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A very kind friend, knowing of my love for everything Charles Dickens, sent me a nice little surprise package in the mail this week. Inside the padded envelope, I found an original copy of Household Words, the “weekly journal” edited by Dickens from March 1850 through May 1859. This copy of journal number 257 (dated February 24, 1855) was taken from a bound set (Volume 11) of the individual weeklies and is further numbered pages 73-96. It is in remarkable shape considering the age of the paper and ink and would, I think, frame up very nicely – something I am going to have look at getting done.
Dickens, being the shrewd businessman that he was, was not content to be only the editor/conductor of the journal; he also owned the controlling interest in it. He arranged things so that he directly owned 50 percent of the venture and his agents owned another 25 percent, leaving only a 25 percent interest for publisher Bradbury & Evans. The journal, a mix of fiction and nonfiction pieces, proved to be quite popular, averaging sales of almost 40,000 copies per week. The Christmas season issues, moreover, are said to have sold more like 100,000 copies each.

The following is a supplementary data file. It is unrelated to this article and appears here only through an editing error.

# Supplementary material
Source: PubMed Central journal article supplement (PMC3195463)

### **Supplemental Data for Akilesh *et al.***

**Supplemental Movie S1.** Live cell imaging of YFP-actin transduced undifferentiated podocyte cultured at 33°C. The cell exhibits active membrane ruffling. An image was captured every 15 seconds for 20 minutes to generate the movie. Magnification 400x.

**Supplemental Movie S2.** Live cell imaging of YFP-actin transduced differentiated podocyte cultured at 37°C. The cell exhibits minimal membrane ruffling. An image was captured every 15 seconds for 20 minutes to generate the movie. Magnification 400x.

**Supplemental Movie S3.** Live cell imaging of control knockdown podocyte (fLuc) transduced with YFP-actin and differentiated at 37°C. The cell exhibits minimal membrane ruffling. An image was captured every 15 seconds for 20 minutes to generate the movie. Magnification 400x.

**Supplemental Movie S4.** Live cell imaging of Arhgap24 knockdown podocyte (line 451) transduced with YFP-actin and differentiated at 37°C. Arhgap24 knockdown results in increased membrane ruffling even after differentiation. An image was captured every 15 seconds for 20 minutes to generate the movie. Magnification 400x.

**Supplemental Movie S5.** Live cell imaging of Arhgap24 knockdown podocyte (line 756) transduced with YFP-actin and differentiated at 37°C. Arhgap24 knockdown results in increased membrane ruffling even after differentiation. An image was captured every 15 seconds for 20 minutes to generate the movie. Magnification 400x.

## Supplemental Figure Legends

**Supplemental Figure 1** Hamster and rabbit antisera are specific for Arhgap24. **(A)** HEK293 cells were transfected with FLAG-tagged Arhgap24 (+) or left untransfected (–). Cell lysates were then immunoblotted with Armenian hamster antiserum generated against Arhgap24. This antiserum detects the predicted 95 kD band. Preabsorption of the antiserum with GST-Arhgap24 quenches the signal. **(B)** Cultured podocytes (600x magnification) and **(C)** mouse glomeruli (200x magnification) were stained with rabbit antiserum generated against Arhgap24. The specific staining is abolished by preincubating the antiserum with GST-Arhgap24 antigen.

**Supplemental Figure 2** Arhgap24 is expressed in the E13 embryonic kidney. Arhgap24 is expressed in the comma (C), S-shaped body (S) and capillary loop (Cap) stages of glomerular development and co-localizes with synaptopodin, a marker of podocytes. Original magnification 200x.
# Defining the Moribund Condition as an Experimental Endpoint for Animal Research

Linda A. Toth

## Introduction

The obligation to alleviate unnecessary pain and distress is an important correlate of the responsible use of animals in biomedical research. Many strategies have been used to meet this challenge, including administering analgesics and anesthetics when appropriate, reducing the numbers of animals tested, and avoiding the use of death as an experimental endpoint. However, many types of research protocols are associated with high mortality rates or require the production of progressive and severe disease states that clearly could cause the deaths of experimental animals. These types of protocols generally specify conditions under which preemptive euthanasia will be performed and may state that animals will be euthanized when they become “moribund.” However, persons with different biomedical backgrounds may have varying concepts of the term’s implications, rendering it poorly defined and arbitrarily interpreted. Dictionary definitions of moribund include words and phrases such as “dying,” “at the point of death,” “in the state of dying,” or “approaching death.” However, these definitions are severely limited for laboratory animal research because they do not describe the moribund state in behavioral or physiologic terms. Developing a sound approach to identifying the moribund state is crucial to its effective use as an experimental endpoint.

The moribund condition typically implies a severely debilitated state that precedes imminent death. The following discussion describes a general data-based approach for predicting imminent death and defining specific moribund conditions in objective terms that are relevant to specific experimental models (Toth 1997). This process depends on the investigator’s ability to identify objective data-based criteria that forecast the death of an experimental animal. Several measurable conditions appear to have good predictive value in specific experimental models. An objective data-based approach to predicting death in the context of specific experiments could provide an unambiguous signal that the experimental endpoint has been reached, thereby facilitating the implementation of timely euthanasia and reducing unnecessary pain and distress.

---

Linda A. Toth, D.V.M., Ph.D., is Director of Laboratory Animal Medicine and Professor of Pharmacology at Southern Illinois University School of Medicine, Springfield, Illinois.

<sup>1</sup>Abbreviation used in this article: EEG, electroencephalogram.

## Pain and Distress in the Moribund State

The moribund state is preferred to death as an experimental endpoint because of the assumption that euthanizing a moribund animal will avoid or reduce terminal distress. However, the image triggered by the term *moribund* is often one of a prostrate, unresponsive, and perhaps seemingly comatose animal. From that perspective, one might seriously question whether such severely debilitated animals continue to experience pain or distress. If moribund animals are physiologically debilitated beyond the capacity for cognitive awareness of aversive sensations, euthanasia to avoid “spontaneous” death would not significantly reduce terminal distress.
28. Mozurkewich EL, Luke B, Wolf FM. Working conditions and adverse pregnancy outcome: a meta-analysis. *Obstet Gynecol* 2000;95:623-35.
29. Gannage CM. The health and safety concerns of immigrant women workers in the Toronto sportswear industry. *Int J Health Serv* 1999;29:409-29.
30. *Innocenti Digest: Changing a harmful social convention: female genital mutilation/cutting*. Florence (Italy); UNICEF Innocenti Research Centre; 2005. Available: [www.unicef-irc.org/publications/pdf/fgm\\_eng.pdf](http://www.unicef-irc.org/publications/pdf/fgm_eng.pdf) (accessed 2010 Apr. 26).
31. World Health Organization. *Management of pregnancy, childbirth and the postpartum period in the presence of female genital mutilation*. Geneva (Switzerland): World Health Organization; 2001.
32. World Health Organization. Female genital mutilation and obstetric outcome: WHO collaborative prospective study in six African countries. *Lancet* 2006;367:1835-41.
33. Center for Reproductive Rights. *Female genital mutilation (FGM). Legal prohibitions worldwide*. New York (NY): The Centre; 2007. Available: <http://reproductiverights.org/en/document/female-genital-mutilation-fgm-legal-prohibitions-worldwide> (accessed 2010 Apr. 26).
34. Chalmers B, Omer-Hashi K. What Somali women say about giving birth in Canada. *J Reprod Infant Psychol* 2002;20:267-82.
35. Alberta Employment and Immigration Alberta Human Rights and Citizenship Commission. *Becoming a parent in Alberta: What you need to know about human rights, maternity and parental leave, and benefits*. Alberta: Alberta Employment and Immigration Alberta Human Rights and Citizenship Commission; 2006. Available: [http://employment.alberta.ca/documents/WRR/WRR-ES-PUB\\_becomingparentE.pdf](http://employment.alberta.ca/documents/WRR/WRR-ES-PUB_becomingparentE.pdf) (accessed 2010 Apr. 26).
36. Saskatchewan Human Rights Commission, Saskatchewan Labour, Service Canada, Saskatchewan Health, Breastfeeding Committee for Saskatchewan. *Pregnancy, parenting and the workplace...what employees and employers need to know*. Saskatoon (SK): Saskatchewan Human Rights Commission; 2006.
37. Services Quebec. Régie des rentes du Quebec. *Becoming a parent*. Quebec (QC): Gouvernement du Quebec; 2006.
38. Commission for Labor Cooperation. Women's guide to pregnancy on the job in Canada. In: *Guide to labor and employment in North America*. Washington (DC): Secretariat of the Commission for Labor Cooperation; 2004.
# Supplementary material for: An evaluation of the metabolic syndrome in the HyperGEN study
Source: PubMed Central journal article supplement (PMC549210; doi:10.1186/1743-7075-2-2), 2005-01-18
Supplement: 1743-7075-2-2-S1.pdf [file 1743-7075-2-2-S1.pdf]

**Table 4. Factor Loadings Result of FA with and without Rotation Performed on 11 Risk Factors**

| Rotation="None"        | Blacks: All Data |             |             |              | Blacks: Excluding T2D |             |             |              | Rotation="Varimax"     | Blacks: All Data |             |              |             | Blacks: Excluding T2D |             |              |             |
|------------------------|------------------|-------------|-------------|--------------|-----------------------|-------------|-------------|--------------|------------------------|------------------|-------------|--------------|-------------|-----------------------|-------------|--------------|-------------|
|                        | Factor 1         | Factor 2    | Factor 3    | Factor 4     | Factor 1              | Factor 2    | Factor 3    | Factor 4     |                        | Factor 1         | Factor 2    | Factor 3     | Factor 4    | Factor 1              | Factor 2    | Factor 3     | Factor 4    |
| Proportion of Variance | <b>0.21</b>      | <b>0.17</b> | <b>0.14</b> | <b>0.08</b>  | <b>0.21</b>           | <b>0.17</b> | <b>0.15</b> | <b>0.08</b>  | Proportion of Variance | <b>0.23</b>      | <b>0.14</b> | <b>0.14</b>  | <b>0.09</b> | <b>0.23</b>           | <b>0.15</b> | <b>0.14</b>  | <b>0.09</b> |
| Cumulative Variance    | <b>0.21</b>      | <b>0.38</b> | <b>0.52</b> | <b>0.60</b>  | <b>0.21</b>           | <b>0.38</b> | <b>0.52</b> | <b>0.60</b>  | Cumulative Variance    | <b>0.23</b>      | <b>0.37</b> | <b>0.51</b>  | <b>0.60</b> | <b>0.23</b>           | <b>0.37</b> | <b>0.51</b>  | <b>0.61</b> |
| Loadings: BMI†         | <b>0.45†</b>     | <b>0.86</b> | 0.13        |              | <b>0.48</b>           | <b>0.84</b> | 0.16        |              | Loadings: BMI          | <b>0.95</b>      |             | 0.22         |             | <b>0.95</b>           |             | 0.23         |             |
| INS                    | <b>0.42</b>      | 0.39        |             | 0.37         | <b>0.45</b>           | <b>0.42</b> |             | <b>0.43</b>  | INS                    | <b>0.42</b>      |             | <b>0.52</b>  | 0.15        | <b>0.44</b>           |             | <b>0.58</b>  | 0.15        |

Interestingly, most of the essays and fiction pieces were published without credit to the author, the exception being the several novels that were serialized in the little 24-page (approximately 22,000 word) magazines. Serialized novels included Dickens’s own Hard Times; The Dead Secret and A Rogue’s Life by Wilkie Collins, and Cranford, North and South, and My Lady Ludlow by Elizabeth Gaskell.
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Overall, some 390 writers are known to have contributed to the magazine during its nine-year existence. Some are better known than others, of course, and most have been long forgotten. Approximately 200 of the writers contributed only a single piece during the nine years; others were much more prolific. Some 30 writers produced from 20-140 pieces each, and a full quarter of all the pieces were the work of only five men: Charles Dickens, Wilkie Collins, W.H. Wills, R.H. Howe, and Henry Morley. These five contributors were well rewarded for their work at the sum of a full five pounds per week.
Dickens was no slouch when it came to his work as editor/writer of Household Words. He is said to have vetted every piece that was published, often doing extensive rewriting before he was satisfied that a piece was worthy of publication. In addition to his work as the journal’s official “conductor,” he also wrote 108 essays and co-wrote 45 others, in addition to contributing the serialization of his novel Hard Times. The serialization of Hard Times is, in fact, most responsible for ensuring the longevity of Household Words.
Reference Used: The Victorian Web